Vaping on holiday: Here’s the rules for each country after call for global ban

The World Health Organization (WHO) has stepped in to urge governments across the globe to treat vaping similarly to tobacco and ban all flavours.

Vapes are banned in 34 countries, the WHO said in a report last year, including Brazil, India, Iran and Thailand. But many countries struggle to enforce e-cigarette rules, meaning they are often available on the black market.

The ban, if put in place, could spell trouble for some big tobacco companies, which have bet on a shift to cigarette alternatives.

Seventy-four countries, mostly in Africa but also including Pakistan, Colombia and Mongolia, did not regulate e-cigarettes at all, according to the WHO report.

In other nations, including key markets like the US and China, governments allow vapes but regulate their use.

Here’s how country’s across the world measure up on vaping:


Australians need a prescription to use nicotine-containing e-cigarettes, but the country has struggled with a flood of illegal disposable vapes. It has been illegal to import disposables into Australia since January 1.

A man vapes on a street in Manchester


From March, it will also be illegal to import any type of vape not approved as “therapeutic” by the Australian medical regulator, the Therapeutic Goods Administration, the government says.

It also wants to introduce a bill next year to outlaw domestic manufacturing or supply of non-therapeutic e-cigarettes.


The world’s largest producer of e-cigarettes introduced a raft of laws controlling their use domestically in 2021, including banning the flavoured products many Chinese manufacturers continue to send overseas.

The government has cited health concerns related to youth vaping.

E-cigarette companies require a licence to sell to consumers, and the country introduced taxes on production, import and wholesale distribution in 2022.

EU and members

The European Commission has set regulatory standards for e-cigarettes, including limits on nicotine content and labels explaining they should not be used by non-smokers. Manufacturers must register with the government before selling.

National governments have also introduced laws governing their use. In France people under the age of 18 cannot buy vapes, and their use is banned in certain public places, including universities and on public transport.

Italy lifted a ban on using electronic cigarettes in public in 2013. Use in or near schools is still forbidden.

Disposable vapes have attracted particular attention from lawmakers in some EU countries amid environmental and health concerns. France has moved to ban them entirely.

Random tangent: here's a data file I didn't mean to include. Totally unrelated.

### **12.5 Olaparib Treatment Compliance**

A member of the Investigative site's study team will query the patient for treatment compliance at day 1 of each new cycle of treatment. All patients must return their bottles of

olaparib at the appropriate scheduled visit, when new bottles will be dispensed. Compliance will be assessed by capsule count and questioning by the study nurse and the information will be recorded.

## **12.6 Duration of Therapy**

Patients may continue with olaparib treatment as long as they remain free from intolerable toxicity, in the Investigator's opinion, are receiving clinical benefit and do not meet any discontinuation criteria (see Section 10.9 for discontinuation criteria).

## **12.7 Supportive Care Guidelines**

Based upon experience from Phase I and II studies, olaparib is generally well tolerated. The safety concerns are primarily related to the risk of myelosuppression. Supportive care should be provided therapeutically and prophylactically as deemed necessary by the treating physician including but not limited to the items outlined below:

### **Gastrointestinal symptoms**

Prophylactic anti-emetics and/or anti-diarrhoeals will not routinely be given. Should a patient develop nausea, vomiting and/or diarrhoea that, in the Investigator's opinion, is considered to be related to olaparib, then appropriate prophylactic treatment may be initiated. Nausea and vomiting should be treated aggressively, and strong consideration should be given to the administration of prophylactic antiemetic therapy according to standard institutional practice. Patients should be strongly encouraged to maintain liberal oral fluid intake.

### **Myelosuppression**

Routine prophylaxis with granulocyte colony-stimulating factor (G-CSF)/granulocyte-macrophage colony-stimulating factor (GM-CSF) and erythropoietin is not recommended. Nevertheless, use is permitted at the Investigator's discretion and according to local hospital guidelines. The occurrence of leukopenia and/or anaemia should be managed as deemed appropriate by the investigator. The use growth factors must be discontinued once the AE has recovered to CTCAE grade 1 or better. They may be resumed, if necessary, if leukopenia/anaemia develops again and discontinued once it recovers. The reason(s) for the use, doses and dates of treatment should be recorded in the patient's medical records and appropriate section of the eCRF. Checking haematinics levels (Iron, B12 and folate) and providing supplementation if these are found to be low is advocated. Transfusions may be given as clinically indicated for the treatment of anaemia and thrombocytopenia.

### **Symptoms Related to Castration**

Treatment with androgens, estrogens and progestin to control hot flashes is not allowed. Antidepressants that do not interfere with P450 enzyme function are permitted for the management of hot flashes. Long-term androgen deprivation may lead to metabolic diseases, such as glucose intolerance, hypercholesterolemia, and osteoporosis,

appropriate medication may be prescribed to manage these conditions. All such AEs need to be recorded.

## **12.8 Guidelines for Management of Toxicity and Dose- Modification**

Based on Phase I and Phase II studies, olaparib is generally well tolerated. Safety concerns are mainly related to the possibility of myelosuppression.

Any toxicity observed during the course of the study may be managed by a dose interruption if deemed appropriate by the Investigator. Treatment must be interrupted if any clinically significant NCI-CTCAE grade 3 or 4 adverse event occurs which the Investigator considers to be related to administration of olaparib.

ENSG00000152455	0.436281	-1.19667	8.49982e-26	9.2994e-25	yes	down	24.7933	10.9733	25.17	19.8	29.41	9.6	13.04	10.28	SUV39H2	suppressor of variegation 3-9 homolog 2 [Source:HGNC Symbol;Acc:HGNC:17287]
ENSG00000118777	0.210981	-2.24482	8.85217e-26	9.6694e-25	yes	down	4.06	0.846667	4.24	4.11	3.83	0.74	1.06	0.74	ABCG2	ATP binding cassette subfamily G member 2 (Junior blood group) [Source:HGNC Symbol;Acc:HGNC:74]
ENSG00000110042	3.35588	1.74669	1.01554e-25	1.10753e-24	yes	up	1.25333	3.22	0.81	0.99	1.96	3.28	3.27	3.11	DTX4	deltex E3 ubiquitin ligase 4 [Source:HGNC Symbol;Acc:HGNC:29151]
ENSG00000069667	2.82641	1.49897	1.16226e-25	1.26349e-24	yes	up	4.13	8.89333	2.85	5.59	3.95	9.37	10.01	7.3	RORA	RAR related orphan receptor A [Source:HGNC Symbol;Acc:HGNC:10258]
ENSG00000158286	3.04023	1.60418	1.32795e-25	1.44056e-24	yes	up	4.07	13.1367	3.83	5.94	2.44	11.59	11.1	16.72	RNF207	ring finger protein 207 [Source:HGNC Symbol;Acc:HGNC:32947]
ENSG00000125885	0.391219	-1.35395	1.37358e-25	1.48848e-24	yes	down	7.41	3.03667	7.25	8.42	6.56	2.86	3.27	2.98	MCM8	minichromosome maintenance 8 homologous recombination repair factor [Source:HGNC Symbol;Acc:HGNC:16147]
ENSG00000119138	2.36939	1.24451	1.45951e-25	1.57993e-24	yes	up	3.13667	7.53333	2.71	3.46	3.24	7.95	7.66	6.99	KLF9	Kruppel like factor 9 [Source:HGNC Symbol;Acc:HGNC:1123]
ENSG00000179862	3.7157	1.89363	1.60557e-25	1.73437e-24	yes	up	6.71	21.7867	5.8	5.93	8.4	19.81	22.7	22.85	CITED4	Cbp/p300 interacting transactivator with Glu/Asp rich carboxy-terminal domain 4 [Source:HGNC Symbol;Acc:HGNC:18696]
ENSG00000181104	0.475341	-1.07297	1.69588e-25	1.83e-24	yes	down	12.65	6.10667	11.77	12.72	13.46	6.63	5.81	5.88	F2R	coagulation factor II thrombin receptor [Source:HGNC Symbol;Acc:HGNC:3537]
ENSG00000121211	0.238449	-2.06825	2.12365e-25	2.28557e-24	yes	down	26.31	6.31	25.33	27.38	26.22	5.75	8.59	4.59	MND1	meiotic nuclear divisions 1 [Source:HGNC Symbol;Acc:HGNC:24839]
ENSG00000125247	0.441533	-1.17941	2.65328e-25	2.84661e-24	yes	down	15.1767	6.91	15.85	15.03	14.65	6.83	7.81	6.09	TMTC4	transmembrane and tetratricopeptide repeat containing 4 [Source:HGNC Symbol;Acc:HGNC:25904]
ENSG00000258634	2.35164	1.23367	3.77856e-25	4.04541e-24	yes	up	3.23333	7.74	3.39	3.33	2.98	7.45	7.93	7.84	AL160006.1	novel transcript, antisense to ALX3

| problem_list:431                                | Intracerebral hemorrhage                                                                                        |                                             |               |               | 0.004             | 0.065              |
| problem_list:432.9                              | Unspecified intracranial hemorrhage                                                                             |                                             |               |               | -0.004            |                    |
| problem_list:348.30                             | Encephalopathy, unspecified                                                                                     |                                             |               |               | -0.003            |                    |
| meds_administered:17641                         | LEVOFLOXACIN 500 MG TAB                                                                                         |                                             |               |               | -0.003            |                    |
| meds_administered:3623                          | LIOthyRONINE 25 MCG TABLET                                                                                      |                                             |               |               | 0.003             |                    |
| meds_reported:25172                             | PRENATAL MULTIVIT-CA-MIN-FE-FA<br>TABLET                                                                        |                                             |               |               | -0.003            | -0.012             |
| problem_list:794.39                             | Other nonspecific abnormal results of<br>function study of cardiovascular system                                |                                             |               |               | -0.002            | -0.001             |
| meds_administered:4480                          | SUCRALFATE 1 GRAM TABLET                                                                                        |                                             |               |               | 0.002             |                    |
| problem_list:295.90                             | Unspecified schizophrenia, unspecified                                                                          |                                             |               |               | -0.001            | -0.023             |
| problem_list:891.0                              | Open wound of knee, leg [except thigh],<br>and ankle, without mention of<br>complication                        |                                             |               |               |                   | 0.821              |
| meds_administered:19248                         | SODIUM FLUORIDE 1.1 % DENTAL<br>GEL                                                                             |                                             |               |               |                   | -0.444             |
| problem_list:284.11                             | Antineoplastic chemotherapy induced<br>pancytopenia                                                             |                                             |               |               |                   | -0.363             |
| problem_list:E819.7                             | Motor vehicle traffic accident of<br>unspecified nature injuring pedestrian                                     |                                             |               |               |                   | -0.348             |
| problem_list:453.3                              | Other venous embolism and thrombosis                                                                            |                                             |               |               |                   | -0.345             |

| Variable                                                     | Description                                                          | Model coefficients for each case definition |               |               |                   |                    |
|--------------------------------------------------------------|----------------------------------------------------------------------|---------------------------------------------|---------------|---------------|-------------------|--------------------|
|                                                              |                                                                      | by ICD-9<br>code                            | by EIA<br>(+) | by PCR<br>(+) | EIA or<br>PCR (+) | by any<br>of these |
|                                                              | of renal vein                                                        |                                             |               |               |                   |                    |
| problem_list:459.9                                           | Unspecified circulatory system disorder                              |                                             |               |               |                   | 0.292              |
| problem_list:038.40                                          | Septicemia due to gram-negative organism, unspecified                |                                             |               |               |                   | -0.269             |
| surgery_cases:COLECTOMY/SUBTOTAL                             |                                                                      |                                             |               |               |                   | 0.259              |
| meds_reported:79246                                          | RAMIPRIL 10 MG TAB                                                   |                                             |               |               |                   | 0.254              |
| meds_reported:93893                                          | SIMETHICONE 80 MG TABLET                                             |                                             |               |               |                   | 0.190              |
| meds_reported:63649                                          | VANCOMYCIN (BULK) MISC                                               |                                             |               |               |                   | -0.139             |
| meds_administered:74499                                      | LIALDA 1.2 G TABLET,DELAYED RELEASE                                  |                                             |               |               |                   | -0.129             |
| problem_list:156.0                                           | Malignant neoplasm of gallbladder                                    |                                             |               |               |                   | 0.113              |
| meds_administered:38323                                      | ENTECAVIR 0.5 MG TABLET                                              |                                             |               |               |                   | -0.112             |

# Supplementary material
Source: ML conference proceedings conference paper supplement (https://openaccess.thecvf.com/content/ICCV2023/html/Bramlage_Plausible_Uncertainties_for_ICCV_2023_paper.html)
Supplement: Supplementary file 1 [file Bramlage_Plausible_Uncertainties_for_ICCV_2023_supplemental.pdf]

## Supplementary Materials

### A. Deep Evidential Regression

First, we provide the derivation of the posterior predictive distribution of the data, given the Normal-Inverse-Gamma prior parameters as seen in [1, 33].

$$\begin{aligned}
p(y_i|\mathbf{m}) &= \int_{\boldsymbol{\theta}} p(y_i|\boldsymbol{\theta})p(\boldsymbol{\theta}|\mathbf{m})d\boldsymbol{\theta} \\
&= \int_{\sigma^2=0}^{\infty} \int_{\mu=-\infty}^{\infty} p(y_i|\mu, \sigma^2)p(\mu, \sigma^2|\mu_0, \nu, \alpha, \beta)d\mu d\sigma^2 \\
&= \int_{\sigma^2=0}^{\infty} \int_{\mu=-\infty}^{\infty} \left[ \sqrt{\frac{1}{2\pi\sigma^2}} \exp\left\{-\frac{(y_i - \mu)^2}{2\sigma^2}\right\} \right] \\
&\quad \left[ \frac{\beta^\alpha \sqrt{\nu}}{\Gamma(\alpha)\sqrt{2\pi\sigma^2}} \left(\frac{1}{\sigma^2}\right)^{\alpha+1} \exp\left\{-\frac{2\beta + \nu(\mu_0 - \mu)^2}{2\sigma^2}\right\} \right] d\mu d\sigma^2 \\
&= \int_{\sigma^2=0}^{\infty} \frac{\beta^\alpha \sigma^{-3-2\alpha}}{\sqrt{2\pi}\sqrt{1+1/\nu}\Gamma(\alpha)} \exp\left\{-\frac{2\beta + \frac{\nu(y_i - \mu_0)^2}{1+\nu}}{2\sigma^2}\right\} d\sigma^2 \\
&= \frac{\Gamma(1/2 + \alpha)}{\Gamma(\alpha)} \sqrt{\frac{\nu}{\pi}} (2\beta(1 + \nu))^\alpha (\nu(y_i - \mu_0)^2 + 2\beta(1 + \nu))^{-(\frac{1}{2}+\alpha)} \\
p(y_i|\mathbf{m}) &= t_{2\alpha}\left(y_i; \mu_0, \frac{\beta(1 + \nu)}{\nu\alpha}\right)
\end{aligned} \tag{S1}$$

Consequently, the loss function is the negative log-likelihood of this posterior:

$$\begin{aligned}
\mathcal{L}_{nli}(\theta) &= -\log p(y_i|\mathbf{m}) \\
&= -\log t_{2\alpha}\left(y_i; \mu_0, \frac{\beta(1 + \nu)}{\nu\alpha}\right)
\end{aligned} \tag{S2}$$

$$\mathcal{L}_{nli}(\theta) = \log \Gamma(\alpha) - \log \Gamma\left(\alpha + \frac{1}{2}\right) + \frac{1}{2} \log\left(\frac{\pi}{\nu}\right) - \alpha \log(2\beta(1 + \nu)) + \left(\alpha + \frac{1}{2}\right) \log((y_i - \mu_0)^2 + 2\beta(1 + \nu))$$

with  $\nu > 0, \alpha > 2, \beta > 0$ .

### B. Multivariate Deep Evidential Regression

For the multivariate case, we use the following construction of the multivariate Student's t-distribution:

The German Federal Council, the upper house of parliament, has called on the government to push for a similar ban on disposable vapes across the EU.


E-cigarettes containing nicotine count as medicinal products under Japanese law. None has yet been approved for use.


Minors cannot buy e-cigarettes. There are no restrictions on flavours or disposable vapes.

Local media reported in November that the government had quashed a proposed ban on e-cigarettes. The Russian Ministry of Health said this would lead to loss of tax revenue and fuel a black market, Izvestia reported.

The UK is ‘sharing lessons’ on vaping with Australia, Health Secretary Steve Barclay said (PA)

(PA Wire)


The sale of e-cigarettes is effectively banned, since imports are allowed only in small quantities and production is forbidden. E-cigarettes are nevertheless widely available.


E-cigarette manufacturers in the world’s largest market for nicotine alternatives must get authorisation from the U.S. Food and Drug Administration to sell their products legally.

Some have been allowed on the market while they wait for the agency to review their applications.

The FDA considers several factors while weighing an application, including the potential benefits for helping smokers quit. It has yet to approve a vape flavour other than tobacco.

However, poor enforcement means that flavoured, often disposable products remain widely available.


The United Kingdom has put vapes at the centre of its public health policy, even offering starter kits to smokers to help them quit. However, an influx of flavoured disposable vapes has driven concerns around the environment, health and youth vaping.

The government said at the end of January it would ban disposable vapes and introduce powers to regulate e-cigarette flavours and packaging, following a threefold rise in the number of children vaping in the past three years.

In March the government said it would introduce an extra tax on vaping products from October 2026.

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